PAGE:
Coronavirus, Local

Animal Rescue Groups Try To Curb Pet Overpopulation As Some Shelters Are Overcrowded

The Humane Society of the United States is leading a coalition of national organizations to address the backlog of surgeries in a campaign they are calling #SpayTogether. The nonprofit Fix Georgia Pets is part of the coalition, providing matching funds to award $40,000 to Georgia animal shelters.
The Humane Society of the United States is leading a coalition of national organizations to address the backlog of surgeries in a campaign they are calling #SpayTogether. The nonprofit Fix Georgia Pets is part of the coalition, providing matching funds to award $40,000 to Georgia animal shelters.
Credit Damian Dovarganes / Associated Press file
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The COVID-19 pandemic is forcing animal control agencies and shelters across the country to suspend most nonessential veterinary services, including spay/neuter surgeries, according to animal rights groups.

Pet overpopulation is a persistent issue during normal times, resulting in millions of animals being euthanized each year, and, like with many other issues, the virus is exacerbating the problem. 

The Humane Society of the United States is leading a coalition of national organizations to address the backlog of surgeries in a campaign they are calling #SpayTogether. The nonprofit Fix Georgia Pets is part of the coalition, providing matching funds to award $40,000 to Georgia animal shelters. The grant will allow organizations in the state to perform more than 1,300 spay/neuter surgeries. 

The pandemic has hit some animal rescue groups hard, forcing them to temporarily suspend services that bring in revenue and seeing traditional fundraisers canceled because of social distancing.

Additionally, some medications and veterinary supplies have increased in cost because of disruptions to the supply chains, said Fix Georgia Pets Executive Director Caroline Hunter.

Fix Georgia Pets works to end pet overpopulation and specifically focuses on pockets of the state that have high reported rates of euthanasia and/or have limited animal control services.

“That’s why we wanted to work with Spay Together. These groups had the foresight to make sure we didn’t go backwards. So they created the stimulus fund to address the backlog,” Hunter said.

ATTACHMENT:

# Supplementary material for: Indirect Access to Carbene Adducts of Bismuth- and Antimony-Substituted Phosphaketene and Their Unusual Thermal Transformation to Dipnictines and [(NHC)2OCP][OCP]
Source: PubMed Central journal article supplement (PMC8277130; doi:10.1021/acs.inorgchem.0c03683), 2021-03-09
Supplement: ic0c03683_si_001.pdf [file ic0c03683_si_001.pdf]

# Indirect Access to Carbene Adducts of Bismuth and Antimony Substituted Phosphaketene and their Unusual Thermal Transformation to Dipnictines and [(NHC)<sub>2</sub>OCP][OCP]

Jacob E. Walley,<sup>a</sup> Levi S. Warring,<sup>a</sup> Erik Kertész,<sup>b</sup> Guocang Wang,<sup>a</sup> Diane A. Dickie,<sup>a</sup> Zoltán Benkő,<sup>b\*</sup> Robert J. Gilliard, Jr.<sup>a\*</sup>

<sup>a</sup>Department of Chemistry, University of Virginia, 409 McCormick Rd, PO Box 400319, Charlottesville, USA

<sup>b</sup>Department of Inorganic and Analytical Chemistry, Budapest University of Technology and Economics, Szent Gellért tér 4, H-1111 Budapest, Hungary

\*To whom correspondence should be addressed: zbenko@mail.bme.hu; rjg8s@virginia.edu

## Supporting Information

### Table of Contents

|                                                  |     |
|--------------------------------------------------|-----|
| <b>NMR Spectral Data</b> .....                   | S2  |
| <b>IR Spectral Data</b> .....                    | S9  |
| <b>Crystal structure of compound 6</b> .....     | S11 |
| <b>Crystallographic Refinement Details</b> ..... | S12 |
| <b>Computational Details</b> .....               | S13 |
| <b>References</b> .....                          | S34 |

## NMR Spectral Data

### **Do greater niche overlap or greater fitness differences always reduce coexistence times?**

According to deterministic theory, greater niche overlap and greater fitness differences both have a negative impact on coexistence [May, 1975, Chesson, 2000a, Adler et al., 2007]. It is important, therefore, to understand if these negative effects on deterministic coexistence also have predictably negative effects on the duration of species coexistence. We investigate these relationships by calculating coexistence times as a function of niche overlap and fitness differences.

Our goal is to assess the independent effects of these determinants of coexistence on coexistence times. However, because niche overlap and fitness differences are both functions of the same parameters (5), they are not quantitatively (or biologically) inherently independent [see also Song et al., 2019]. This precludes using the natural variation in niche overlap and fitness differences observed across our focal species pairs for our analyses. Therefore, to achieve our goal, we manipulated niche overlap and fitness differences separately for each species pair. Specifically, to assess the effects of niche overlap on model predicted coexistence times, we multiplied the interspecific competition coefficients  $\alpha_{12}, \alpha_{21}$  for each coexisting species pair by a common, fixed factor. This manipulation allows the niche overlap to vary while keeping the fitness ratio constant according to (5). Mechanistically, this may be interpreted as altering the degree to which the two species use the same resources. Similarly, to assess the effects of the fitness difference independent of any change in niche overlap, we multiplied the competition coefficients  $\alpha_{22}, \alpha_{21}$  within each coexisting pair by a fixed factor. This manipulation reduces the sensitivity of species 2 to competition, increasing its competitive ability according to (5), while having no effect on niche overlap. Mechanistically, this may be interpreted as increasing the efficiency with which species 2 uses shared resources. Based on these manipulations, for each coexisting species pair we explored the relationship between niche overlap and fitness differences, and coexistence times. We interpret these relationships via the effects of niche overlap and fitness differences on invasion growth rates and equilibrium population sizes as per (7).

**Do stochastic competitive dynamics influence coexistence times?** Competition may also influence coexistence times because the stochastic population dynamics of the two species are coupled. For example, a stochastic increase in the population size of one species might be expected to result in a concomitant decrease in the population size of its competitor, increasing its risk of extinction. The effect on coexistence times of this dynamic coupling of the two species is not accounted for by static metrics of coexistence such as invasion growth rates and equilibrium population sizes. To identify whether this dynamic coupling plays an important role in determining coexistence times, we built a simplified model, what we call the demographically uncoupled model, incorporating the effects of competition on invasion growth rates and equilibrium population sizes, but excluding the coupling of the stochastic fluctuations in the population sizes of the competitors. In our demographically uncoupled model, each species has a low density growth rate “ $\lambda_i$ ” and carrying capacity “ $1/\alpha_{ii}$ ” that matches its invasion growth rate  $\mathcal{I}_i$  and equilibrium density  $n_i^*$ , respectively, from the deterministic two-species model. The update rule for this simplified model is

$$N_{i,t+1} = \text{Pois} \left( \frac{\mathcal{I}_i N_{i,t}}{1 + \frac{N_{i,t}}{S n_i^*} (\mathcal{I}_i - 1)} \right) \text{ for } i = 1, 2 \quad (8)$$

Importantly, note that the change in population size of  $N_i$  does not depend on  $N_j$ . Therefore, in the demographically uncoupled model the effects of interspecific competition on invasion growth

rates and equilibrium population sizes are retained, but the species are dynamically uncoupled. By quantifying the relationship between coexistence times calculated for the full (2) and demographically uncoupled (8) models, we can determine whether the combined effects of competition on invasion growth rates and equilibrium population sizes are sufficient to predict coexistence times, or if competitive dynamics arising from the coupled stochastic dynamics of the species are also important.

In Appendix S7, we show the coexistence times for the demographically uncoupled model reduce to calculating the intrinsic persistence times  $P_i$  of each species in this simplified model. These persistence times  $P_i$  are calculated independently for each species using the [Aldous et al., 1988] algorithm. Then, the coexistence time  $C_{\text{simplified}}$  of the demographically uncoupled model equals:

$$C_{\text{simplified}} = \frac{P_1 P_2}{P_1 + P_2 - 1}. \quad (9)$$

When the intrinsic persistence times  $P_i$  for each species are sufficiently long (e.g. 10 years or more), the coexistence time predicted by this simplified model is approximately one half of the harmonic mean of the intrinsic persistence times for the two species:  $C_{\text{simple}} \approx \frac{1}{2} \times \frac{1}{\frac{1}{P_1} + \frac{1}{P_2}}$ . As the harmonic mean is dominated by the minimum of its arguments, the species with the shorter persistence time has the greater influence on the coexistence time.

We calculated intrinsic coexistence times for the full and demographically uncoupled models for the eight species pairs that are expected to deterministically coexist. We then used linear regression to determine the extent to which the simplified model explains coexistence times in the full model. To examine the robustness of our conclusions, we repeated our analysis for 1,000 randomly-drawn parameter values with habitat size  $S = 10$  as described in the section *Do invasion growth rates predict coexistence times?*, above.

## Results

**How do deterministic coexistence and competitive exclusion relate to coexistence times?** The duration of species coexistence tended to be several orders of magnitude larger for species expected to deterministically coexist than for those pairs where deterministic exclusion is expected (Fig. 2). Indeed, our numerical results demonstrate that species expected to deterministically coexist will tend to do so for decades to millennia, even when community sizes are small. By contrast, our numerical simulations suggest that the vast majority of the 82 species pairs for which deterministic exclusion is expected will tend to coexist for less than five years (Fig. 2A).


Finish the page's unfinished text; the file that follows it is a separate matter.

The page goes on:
The program will first target local nonprofit and municipal services with a backlog of surgeries to be completed and then work on community outreach, encouraging the public to have their pets fixed.

“We try to offer reduced and low-cost spay and neuter to the public in those areas as well because, inevitably, if their animals are out their breeding, those animals eventually end up in the shelter,” said Laura Littlebear, with the Humane Society.

Shelters have seen an increase in pet adoptions and fostering since people began spending so much time at home. The Humane Society of Northeast Georgia had a record high number of adoptions in one of the early months of the pandemic, said Samantha Threadgill, the group’s development director.     

“We’ve seen an outpouring of support, even with people who are having a hard time themselves. It’s really great to see that people still want to care about the animals,” Threadgill said.

While some shelters have seen an increase in the number of pet adoptions, some shelters are seeing an increase in pets being dropped off. 

“Because people are just financially hurting right now and not able to take care of their animals like they would want, and so they’ve also a higher number of intakes during the pandemic,” Littlebear said.

“Spay and neuter is the only solution to pet overpopulation,” said Littlebear, who hopes the campaign will spark the momentum needed for communities to make progress on this ongoing problem. “I hope this can be a program that people can look at and really try to duplicate going forward and this not be a one-time effort.”